Holding out his arms and laying himself back, so that he was facing the distant dome of the dark sky, spreadeagled, that the gods might better perceive him, Andil widened his eyes as far as he could, and began to recite the same prayer he had said for the past four nights. “Mighty Gods, Lights of the Heavens, hear now the supplication of your humble servant. May you watch over my people in their journeys and guide them on their ways to paths most pleasing to your glory. May you bless the season of life, that it be bountiful and filled with growing, that my people may not know hunger nor want. May you bless the season of death to come, that it brings great cleaning of white across the land, and leave it refreshed for the life ahead, that my people may ever dwell in this land. May all that is evil be cast upon me, and not upon my people, that they may not suffer beyond their measure…”
He continued on, though his fingers were cold and his back uncomfortable against the ground, and his eyes itched so that he desperately wanted to blink them, and even more he wanted to finish his prayer that he might sleep, but he let none of these things interrupt the ritual, nor cloud the words which he cast up to the distant gods. All across the steppe, he knew, were other Wisers splayed out upon the ground in like manner, sending forth their own prayers on journeys to the gods, and knowing that gave Andil greater strength to continue in his prayer.
“Let the bows of the hunters ever be true, and may the eyes that see be keen, and the hands that wield them be sure. Let the hands of the gatherers be ever tough, and may the ears that hear the ripeness be attuned, and the backs that support them be strong…”
High above him, at the peak of his vision, something flared. At first Andil dismissed it as naught but a trick of his dry and itching eyes, but then another flare sparkled, and this time he was certain it belonged to the heavens high above. Against his will, his eyes blinked, and tears welled up, so that when another light flashed infinitely high above his forehead it seemed to scatter into the form of all the gods together. Then a new god appeared, vast and bright like a new moon, though much smaller and closer, and it left behind it a trail of fire across the sky. It arced across Andil’s vision, and he followed it with his eyes until it disappeared over the horizon to the south and was gone.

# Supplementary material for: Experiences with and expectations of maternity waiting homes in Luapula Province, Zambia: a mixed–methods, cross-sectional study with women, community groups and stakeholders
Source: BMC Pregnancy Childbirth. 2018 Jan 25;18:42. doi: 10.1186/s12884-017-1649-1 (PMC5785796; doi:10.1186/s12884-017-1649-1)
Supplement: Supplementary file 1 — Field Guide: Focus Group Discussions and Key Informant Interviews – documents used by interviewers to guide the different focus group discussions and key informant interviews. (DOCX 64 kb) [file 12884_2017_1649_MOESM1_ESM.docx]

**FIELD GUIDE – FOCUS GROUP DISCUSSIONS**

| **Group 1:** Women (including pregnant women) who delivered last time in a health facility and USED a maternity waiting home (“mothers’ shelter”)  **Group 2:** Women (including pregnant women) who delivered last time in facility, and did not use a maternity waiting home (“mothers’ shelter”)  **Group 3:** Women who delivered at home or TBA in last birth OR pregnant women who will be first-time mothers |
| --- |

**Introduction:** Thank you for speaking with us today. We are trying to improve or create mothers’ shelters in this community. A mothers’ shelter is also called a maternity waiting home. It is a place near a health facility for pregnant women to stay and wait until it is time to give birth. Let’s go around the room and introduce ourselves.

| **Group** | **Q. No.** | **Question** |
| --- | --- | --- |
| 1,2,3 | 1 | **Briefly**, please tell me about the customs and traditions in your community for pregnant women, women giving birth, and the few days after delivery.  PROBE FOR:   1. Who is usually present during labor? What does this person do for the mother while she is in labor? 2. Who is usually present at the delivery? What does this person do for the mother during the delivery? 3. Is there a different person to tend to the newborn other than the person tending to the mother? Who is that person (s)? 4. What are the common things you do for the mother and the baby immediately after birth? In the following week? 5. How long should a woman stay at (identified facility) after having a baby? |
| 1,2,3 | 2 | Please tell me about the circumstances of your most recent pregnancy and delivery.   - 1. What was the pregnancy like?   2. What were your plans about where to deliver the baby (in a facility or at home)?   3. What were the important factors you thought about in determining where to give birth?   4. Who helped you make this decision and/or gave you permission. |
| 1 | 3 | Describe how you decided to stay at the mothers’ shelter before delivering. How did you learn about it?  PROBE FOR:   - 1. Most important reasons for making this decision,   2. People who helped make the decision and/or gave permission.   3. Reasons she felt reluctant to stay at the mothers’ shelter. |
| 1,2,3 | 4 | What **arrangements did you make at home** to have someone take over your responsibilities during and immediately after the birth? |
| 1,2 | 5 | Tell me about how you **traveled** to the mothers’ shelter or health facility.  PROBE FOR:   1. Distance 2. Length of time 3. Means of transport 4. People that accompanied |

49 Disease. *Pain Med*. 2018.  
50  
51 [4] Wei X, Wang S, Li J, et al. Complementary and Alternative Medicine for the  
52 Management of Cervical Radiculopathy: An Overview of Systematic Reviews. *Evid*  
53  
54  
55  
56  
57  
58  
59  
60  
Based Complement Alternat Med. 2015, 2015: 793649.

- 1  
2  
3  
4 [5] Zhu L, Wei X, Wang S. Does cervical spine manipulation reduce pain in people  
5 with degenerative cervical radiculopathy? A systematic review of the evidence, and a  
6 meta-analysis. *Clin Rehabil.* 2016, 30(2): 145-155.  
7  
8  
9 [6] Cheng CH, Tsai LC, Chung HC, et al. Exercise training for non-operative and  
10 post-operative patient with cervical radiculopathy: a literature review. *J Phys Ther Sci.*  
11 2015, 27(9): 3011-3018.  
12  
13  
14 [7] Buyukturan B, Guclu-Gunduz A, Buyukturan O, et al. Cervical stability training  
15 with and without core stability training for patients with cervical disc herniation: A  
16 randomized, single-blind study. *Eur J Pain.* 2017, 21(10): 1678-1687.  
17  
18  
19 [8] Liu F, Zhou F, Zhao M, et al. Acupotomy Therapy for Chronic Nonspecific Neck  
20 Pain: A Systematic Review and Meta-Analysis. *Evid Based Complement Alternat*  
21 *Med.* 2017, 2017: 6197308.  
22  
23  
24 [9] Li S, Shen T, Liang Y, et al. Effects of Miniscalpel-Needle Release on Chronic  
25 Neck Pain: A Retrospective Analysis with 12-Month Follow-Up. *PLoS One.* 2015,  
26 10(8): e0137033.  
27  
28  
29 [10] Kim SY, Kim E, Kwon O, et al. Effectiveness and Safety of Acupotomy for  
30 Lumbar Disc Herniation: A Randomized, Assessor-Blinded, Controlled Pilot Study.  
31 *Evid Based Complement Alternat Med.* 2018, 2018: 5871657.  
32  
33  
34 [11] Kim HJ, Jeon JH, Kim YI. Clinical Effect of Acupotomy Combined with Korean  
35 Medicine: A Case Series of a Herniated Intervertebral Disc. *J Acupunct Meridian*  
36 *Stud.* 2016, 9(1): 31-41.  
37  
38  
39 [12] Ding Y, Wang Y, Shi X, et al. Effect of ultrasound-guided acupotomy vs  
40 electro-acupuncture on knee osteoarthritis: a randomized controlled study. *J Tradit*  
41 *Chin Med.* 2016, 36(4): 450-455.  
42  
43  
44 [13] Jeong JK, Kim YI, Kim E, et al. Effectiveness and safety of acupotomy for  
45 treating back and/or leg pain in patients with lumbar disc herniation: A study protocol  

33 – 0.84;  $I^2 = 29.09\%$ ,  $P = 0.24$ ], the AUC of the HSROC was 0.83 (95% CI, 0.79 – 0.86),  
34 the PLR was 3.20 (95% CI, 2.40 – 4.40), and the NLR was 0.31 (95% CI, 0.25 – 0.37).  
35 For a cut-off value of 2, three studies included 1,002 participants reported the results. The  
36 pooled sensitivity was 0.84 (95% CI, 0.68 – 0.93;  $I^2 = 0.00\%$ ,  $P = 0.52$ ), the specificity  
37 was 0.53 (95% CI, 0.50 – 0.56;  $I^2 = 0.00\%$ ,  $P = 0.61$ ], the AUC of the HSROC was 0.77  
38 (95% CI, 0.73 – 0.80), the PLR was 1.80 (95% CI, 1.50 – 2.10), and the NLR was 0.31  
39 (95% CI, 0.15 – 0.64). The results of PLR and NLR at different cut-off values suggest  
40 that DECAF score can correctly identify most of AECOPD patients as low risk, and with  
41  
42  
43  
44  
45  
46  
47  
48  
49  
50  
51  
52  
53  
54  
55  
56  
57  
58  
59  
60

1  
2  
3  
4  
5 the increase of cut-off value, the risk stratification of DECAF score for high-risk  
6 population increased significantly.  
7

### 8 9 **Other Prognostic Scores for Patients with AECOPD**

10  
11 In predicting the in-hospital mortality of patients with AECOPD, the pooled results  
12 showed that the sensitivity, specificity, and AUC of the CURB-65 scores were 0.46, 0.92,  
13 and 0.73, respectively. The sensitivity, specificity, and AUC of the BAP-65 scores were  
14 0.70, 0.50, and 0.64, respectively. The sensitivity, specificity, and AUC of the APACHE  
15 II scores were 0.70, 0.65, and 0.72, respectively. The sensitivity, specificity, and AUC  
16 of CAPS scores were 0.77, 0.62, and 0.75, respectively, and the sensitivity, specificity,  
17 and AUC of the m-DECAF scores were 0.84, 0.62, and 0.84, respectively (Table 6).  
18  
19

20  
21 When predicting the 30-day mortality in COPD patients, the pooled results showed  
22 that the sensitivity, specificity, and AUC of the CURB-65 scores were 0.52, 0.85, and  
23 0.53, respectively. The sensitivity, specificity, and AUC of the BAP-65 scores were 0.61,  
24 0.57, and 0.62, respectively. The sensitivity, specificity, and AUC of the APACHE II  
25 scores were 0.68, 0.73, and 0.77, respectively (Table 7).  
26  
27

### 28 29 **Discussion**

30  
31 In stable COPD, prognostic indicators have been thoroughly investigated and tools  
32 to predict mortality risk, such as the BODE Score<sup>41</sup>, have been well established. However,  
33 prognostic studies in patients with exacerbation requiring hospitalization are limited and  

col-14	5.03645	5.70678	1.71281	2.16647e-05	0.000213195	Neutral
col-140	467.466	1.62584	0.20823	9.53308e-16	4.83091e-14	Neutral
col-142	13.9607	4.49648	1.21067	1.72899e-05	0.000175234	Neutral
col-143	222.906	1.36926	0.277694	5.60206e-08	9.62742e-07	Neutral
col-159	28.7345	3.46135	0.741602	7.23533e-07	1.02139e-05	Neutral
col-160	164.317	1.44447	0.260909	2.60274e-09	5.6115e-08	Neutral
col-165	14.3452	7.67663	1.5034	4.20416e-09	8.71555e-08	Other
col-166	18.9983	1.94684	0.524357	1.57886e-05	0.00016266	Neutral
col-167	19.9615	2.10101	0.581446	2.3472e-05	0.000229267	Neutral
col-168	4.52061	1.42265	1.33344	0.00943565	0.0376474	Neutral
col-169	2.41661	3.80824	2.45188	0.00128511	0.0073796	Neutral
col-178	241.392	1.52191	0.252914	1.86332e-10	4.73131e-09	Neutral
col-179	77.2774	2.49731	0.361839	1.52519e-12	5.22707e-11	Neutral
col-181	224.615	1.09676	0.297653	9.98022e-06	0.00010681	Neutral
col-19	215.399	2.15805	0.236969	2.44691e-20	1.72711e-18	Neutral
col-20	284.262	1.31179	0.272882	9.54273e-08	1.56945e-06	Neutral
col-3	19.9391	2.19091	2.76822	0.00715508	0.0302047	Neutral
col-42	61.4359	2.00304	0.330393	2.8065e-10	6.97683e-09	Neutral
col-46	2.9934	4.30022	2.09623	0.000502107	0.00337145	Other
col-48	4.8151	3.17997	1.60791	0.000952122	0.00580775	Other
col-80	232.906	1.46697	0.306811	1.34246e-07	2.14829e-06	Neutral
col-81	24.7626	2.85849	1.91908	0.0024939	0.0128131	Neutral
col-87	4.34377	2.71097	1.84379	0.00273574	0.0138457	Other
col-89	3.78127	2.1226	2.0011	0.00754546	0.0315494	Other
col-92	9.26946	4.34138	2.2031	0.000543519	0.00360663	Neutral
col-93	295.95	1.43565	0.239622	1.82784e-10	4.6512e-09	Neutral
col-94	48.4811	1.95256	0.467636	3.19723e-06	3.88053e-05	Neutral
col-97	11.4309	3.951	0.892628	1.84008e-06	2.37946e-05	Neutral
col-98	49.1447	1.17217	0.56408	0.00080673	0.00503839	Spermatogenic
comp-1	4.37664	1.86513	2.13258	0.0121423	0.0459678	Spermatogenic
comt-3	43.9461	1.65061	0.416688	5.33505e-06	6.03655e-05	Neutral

Naught else seemed to have even taken notice of the fallen god, but to Andil it was a clear message from the heavens. The gods above had cast this one of their number from the heavens down to the mortal lands far below them, and Andil’s part would be to see that their will was fulfilled. He remembered well the teachings of the older Wisers, who whispered of a time in the distant past when another god had been cast down from the heavens in exile and had scrawled flame across the steppes before the gods had sent a great blizzard to extinguish its light forever. That had been a dark time for the tribes, for they had suffered greatly for their ignorance of how they ought to treat the fallen god. This time, they would not make such a mistake, but would ensure that wherever it had fallen it lay undisturbed, until the gods could finish their punishment.
In haste he prepared his horse, extinguished his fire, and packed away his sparse camp. Thus readied, Andil mounted and rode off in haste through the night to find the main body of his tribe where they were camped not far distant from his own place of isolation. With the other Wisers, he would muster them, and then they would ride forth to find where the god had fallen to ensure that the gods’ will was fulfilled upon the exiled one.